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To a Mountain in Tibet
22.12.10 | Alice O'Keeffe
Ask any reader to list their favourite travel writers and chances are Colin Thubron will be mentioned. Fellow travel writer Jan Morris describes him as "one of the two or three best living travel writers". Born in 1939, his first book, Mirror to Damascus, was published in 1967 and he has since written about the Middle East, Russia and Asia to great acclaim. In his latest travel book, To a Mountain in Tibet (February, Chatto), he walks the pilgrimage route to Mount Kailas, a remote mountain little-known in the West that is holy to Buddhists and Hindus, one-fifth of the world's population.
The whole journey, Thubron says, was "terribly short by my standards, about five weeks" but, after his previous travel book Shadows of the Silk Road, in which he undertook an epic nine-month journey beginning in Xian, China through Central Asia and the former Soviet Union to Antakya in Turkey, the idea of a relatively "short, sharp" journey had a certain appeal.
Thubron also had a deeply personal reason for undertaking the journey—his mother, his last family member, had recently died and "being agnostic, the idea of going to a sacred object like a mountain was in a way more appealing than going to a specifically Christian place".
Before his arrival Thubron spent eight months researching his planned journey at the British Library and SOAS, seeking to understand the complex nature of Tibetan Buddhism. It was less research than usual he says because he didn't learn a language—"usually I struggle to recuperate either Russian or Mandarin but in this case I wasn't going to learn Tibetan" he says with a chuckle.
into thin air
It was the most physically challenging journey he has ever undertaken, largely down to the altitude. He didn't do any particular training—"I'm used to being fit, so perhaps rather hubristically I seem to expect my body to do more or less do what I want it to do.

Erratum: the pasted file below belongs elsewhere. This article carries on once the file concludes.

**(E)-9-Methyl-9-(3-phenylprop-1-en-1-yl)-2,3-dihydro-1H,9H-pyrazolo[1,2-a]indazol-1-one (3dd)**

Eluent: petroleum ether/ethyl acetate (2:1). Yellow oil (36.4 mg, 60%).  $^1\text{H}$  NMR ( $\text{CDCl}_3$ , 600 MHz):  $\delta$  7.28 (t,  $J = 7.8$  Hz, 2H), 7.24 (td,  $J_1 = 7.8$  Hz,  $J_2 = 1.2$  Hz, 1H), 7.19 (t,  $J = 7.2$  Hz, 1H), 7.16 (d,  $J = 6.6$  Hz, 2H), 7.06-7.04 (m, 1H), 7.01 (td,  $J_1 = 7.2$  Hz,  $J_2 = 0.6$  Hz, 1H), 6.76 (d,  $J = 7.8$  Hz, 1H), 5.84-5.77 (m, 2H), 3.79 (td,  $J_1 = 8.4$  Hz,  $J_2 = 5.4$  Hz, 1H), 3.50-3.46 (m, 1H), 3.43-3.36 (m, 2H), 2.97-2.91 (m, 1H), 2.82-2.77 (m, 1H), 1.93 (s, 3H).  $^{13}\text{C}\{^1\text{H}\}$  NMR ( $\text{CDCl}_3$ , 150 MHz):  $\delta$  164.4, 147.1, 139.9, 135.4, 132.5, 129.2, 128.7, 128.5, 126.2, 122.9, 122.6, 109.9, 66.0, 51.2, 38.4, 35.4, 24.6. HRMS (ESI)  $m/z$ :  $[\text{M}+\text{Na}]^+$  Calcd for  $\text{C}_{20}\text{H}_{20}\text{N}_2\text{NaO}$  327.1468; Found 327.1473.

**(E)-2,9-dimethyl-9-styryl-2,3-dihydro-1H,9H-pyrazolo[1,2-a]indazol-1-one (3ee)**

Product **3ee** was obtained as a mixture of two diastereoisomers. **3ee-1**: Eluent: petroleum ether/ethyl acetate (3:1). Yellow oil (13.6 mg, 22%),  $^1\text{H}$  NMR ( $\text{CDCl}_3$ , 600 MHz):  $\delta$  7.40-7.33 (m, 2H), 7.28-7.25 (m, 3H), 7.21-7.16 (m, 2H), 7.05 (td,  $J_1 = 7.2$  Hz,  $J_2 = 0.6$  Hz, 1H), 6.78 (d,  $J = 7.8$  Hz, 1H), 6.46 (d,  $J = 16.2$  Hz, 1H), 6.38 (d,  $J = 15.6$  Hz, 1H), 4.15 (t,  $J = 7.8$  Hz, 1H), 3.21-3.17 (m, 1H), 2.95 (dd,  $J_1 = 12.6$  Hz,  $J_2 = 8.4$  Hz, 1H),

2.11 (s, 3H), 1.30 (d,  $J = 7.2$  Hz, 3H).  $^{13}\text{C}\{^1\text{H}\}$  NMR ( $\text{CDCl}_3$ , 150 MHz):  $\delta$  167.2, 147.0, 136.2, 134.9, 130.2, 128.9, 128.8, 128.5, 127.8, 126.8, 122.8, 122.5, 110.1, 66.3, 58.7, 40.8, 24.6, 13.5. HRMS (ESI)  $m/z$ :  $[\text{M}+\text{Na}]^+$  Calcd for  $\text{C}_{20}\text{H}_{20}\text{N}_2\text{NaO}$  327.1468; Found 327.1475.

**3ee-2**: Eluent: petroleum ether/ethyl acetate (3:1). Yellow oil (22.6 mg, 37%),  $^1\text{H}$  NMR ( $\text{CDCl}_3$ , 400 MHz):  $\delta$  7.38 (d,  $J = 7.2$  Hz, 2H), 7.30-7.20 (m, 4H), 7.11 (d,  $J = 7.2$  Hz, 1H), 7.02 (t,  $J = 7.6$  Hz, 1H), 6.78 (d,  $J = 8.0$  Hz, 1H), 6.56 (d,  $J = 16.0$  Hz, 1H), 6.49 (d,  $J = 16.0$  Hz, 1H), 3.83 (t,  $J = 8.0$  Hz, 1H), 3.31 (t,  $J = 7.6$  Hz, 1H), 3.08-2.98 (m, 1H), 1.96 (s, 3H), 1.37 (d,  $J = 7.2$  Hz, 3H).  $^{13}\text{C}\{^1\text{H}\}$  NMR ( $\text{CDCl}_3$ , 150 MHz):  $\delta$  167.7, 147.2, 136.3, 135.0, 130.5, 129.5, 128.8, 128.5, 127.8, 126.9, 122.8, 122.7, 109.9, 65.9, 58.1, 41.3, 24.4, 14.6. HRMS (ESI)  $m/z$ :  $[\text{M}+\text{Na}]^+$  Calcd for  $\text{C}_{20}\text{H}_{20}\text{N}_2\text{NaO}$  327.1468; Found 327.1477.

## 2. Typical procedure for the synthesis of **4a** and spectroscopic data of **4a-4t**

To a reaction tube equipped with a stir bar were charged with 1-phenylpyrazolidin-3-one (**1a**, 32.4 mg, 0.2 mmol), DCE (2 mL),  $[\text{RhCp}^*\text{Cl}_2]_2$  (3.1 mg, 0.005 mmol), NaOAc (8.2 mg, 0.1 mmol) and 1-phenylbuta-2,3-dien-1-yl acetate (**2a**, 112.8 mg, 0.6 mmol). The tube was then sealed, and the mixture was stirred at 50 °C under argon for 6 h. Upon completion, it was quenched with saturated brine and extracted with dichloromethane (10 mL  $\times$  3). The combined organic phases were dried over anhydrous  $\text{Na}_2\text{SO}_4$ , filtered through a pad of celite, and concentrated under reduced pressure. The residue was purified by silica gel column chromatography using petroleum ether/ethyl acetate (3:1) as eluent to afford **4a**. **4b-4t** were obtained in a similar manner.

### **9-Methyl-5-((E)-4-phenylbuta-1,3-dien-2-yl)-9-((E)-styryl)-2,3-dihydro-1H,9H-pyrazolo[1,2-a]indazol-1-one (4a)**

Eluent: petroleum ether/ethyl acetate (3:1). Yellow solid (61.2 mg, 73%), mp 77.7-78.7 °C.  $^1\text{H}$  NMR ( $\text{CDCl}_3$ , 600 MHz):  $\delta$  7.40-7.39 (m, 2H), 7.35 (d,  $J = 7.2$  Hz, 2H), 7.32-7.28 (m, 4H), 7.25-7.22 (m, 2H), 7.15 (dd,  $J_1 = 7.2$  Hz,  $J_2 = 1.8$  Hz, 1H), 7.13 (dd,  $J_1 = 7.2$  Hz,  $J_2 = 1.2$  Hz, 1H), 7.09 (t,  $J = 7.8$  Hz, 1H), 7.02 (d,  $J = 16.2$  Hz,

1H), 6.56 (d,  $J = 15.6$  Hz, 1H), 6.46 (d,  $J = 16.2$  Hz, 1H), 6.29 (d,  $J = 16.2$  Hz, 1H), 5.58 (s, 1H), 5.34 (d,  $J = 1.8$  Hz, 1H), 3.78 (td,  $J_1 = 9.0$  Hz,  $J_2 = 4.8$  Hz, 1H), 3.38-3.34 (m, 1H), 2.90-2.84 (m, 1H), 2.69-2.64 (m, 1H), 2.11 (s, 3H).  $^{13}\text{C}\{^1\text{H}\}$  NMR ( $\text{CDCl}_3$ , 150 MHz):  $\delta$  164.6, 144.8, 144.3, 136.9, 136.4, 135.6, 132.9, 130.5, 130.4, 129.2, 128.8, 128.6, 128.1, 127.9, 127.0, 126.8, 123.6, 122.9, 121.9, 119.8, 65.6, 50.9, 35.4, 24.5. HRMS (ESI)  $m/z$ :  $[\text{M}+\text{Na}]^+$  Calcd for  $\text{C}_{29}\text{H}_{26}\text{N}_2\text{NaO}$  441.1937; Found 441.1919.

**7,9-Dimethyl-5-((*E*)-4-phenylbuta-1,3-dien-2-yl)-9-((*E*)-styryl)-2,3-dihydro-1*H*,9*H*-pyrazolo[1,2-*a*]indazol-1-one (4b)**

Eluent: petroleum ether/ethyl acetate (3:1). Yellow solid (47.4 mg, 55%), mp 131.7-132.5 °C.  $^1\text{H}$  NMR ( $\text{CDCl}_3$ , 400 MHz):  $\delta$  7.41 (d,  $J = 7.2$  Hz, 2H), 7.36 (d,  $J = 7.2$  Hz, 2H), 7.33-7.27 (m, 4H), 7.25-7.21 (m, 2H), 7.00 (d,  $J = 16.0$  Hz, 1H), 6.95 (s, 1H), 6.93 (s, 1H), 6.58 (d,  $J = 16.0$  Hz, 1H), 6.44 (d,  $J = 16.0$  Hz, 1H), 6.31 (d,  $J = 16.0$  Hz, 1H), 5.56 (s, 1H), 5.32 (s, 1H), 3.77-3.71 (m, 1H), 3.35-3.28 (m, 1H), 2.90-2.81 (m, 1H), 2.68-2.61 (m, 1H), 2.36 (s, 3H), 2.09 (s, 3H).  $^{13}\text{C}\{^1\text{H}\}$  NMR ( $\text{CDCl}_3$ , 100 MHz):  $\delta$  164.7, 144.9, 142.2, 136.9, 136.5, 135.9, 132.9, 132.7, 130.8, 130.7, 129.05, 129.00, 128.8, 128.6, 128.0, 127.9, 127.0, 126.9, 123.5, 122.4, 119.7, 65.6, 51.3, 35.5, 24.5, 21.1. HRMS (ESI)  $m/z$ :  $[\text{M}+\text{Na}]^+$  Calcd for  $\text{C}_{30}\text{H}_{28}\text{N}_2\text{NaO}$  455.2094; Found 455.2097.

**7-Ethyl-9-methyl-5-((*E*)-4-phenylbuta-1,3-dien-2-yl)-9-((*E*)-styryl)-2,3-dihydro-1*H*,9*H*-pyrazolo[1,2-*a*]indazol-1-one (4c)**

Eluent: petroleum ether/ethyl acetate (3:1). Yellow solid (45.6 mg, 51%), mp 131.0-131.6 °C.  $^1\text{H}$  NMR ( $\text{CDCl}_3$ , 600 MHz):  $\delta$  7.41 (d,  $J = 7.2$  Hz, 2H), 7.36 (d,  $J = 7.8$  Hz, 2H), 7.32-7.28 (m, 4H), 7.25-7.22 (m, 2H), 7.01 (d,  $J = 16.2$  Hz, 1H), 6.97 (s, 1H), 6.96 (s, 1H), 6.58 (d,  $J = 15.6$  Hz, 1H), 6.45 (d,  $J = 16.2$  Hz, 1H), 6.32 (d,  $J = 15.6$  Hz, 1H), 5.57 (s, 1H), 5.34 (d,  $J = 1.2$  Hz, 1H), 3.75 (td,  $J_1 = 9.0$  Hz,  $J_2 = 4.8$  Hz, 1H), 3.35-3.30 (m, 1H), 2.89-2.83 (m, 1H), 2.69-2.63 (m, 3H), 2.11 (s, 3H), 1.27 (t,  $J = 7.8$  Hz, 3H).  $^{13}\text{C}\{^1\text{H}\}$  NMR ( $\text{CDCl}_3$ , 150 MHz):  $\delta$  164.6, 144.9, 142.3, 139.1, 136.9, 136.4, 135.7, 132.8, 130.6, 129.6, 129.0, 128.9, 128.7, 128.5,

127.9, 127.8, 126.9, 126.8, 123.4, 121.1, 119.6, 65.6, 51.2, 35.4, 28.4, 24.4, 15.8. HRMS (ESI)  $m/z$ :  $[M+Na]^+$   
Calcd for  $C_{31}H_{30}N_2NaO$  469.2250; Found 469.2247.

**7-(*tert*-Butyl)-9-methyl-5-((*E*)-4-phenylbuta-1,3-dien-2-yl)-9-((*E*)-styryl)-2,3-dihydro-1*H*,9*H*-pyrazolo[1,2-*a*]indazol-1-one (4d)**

"It did it this time, I didn't feel that I was in trouble muscularly, the trouble was all in the lungs and oxygen." Indeed, at one point in the book, terrifying to read and so probably a thousand times more terrifying to experience, he vividly describes a feeling of acute breathlessness, of "air too thin to sustain me" at 11,000 ft and an ensuing panic. But he says the real tension came in the last couple of days approaching the highest pass on Mt Kailas (18,600 ft) when he started to worry seriously about altitude sickness: "You feel terribly tired with every physical effort you make but it's not the same as getting a terrible headache like my sherpa was starting to get. If that happens and increases there's nothing you can do with altitude sickness except just 'go down', they say, as if there's nice little escalator going down to Tibet" and he guffaws at the thought.
Thubron uses the same notebooks for each trip—"you get so superstitious about these things"—and made notes during stops rather than at the end of the day when he would often just "fall into the tent" too exhausted to write. He then takes the notebooks back home to London to turn into the book: "There's an energy in them but they're sort of impressionistic, they're not really in sentences . . . I splurge down everything with great enthusiasm but it's not coherent and the writing is appalling."
To A Mountain in Tibet is also his most personal book. In earlier books he kept himself removed from the narrative but here snippets of his own history—his childhood, the lives of his parents and the death of his mother—are woven into the main narrative as he remembered them on the journey. It was, he says, unpremeditated: "I expected something like that to happen, but where and what I was pretty unsure. I think if you go in a certain frame of mind, thinking about, as I was, the dead, then things happen. You're reminded by things which come out of the blue."
He also comments on the "oddity of walking as an agnostic through a Buddhist world" and says he found no consolation on the journey. "Christianity is a great consolation to Christians in regards to the afterlife but that's something I can't feel and Buddhism can't supply anything similar." He found it quite harsh: "walking through a landscape of belief as, if you like, the representative of one faith which I've lost, looking at another which I can't assume."
I wonder if he found writing the book a comfort after the death of his mother? He answers slowly and thoughtfully. "I know I'm going to get asked this, and it would be so pleasant for the narrative to say it was cathartic in some way but I can't say so, no. It was just something I had to do."